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Cloud Native Patterns: Local development

 
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Are there CN Patterns to bring cloud native development to the developer's local-environment?
In other words, how to reproduce the cloud environment for local development? At how extend is this achievable?
 
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Another great question Jorge! You are pointing out that it's quite important to be able to have a cloud-native environment in even the most local settings. By cloud native environment, I mean one that allows the developer to test out things like whether their multiple instances of an app actually act as a single logical unit, whether you are using the service discovery protocol correctly, and so on. If you were just running a single instance of some web service you created and testing via unit tests, for example, you aren't going to exercise that path.

Part of the reason that I ended up using Kubernetes as the vehicle for demonstrating the patterns is precisely because it is easy to get running locally. Most of the examples do, in fact, run locally (except when I do a simulation of some cascading failures in chapters 9, 10 and 11) and I step you through using Minikube. This requires something like Virtualbox) and runs K8s in a VM. Since starting the book, another local option for Kubernetes has gained traction - Kind which stands for Kubernetes in docker. Either option will work well.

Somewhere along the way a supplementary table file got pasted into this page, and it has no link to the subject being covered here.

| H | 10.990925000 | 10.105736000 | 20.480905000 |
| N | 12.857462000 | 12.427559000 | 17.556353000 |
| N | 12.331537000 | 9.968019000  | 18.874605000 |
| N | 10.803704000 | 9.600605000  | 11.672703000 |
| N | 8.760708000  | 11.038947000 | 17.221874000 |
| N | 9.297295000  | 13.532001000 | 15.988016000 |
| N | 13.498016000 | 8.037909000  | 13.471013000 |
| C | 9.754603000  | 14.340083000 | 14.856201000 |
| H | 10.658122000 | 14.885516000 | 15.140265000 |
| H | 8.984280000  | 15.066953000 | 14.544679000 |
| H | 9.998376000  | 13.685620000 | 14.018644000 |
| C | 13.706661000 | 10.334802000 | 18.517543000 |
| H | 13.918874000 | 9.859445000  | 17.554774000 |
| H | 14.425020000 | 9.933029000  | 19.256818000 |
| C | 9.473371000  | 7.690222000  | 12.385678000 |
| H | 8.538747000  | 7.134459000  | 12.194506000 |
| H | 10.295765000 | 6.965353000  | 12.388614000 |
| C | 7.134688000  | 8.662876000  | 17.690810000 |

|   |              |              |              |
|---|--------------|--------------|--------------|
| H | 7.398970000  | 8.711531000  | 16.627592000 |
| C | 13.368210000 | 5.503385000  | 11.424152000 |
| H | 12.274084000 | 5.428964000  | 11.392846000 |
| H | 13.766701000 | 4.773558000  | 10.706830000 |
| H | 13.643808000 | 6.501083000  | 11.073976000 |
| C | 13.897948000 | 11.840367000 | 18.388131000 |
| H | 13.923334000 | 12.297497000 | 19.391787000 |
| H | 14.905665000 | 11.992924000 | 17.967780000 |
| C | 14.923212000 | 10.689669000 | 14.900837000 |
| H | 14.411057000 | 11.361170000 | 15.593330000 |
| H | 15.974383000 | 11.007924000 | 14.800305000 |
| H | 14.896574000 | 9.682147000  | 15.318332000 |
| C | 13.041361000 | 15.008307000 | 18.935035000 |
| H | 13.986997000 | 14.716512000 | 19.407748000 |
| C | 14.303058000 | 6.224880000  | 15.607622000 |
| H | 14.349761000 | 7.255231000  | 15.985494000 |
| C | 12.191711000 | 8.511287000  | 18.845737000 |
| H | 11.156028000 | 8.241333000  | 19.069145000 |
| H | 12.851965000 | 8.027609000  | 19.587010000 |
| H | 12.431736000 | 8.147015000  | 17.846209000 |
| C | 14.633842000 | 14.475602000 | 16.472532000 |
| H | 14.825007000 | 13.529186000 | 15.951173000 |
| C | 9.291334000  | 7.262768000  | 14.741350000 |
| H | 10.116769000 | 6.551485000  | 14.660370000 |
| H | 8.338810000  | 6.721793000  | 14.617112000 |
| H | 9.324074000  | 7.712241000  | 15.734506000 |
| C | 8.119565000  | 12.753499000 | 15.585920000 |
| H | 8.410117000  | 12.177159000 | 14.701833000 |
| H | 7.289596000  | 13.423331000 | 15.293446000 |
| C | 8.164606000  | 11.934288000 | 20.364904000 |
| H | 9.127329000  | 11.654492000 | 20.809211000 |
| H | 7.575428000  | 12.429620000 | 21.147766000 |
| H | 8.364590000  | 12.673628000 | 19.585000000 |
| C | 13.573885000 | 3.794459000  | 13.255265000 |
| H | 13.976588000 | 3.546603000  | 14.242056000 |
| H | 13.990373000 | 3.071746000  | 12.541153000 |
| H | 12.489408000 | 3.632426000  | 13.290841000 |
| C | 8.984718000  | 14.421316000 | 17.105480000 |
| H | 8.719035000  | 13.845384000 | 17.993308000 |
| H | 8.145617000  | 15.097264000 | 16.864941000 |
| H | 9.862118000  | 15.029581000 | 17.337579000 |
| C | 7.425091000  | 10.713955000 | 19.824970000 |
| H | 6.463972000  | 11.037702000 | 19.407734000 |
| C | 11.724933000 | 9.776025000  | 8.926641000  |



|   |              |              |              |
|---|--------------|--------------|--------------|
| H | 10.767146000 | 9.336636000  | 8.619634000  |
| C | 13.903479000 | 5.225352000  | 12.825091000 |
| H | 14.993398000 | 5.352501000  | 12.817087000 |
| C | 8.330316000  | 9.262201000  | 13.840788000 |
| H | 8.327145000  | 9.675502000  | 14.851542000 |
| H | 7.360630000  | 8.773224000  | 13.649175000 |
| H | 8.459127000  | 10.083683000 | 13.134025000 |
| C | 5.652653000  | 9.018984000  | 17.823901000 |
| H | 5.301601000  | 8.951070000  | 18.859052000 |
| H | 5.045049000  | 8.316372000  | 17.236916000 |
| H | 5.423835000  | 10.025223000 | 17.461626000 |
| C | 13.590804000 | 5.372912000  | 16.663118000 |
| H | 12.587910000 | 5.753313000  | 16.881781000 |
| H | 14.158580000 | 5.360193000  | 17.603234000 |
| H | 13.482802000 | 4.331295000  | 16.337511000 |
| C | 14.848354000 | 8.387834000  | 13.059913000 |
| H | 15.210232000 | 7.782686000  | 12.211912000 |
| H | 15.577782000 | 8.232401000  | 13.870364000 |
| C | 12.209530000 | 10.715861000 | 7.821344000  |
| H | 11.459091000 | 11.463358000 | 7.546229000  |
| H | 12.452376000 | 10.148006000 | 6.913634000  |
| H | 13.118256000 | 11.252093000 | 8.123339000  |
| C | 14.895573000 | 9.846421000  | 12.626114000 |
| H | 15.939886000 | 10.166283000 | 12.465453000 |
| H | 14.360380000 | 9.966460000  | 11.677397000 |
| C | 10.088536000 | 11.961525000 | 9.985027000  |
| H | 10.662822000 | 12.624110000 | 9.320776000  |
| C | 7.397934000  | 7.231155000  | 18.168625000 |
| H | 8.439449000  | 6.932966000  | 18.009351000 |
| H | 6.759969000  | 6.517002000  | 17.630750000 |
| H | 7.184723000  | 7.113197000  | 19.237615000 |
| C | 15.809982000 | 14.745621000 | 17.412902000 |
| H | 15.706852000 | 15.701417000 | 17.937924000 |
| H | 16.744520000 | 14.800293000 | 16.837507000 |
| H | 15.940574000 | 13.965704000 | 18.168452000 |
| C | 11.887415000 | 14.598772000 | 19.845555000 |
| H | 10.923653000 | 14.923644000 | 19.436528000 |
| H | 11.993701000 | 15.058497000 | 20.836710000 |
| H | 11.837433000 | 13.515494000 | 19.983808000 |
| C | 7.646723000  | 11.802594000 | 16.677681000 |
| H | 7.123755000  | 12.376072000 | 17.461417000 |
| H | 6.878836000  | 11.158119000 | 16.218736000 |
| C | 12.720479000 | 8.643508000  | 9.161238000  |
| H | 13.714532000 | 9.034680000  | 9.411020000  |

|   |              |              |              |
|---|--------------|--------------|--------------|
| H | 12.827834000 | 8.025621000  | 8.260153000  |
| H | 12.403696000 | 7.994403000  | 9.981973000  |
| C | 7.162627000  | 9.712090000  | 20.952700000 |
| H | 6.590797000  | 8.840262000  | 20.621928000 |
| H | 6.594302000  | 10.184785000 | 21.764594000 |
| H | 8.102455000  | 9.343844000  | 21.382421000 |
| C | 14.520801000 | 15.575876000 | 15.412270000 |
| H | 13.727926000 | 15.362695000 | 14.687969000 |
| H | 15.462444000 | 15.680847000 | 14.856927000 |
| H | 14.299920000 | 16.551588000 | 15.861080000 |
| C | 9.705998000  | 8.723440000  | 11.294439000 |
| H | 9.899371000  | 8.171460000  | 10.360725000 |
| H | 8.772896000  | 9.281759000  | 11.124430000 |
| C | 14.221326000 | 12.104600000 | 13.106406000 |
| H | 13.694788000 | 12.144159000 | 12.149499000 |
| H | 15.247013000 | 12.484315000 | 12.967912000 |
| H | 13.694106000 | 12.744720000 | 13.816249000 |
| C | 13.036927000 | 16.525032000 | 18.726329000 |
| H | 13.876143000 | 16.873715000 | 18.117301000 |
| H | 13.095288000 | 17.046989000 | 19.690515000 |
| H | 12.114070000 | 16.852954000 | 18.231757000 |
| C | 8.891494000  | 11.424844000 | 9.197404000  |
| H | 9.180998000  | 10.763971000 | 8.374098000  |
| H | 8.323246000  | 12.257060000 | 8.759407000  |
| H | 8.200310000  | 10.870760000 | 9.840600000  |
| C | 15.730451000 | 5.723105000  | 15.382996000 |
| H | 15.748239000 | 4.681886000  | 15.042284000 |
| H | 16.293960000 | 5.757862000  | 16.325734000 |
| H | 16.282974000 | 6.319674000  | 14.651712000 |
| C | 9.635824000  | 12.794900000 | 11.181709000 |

Jorge Ruiz-Aquino
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Using Kubernetes from Docker instead of a virtual machines sounds very interesting.
I think for the purpose of bringing the cloud environment to the local machine is much better since it's possible to share the environment-configuration directly from the source code repository with all the capabilities like versioning.

Thank you.
 
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Vagrant is a very useful tool for local development. You can bring up multiple VM instances with a single "vagrant up" command. And in fact, one of the ways to get a development cloud up and running in a hurry using OpenStack is via vagrant, where there are 3 VMs in the cloud all interconnected. You can also destroy them with a single command and rebuild them over and over, which is good for testing software installation and configuration procedures, since you can start clean with no leftover lint from failed experiments.

Vagrant takes pre-built VM images (of which there are many available), and launches them, configuring their virtual environments (e.g., networking) as desired. It can also do basic provisioning via Ansible or other provisioners. If one of the published images doesn't please you, you can go one step further and use Packer to build your own. Packer can not only build Vagrant images, but also images for other environments such as Amazon AWS, using the same packerfile for multiple environments.

Once Vagrant has launched your VMs, you can ssh into them and/or control them with management apps such as Kubernetes.
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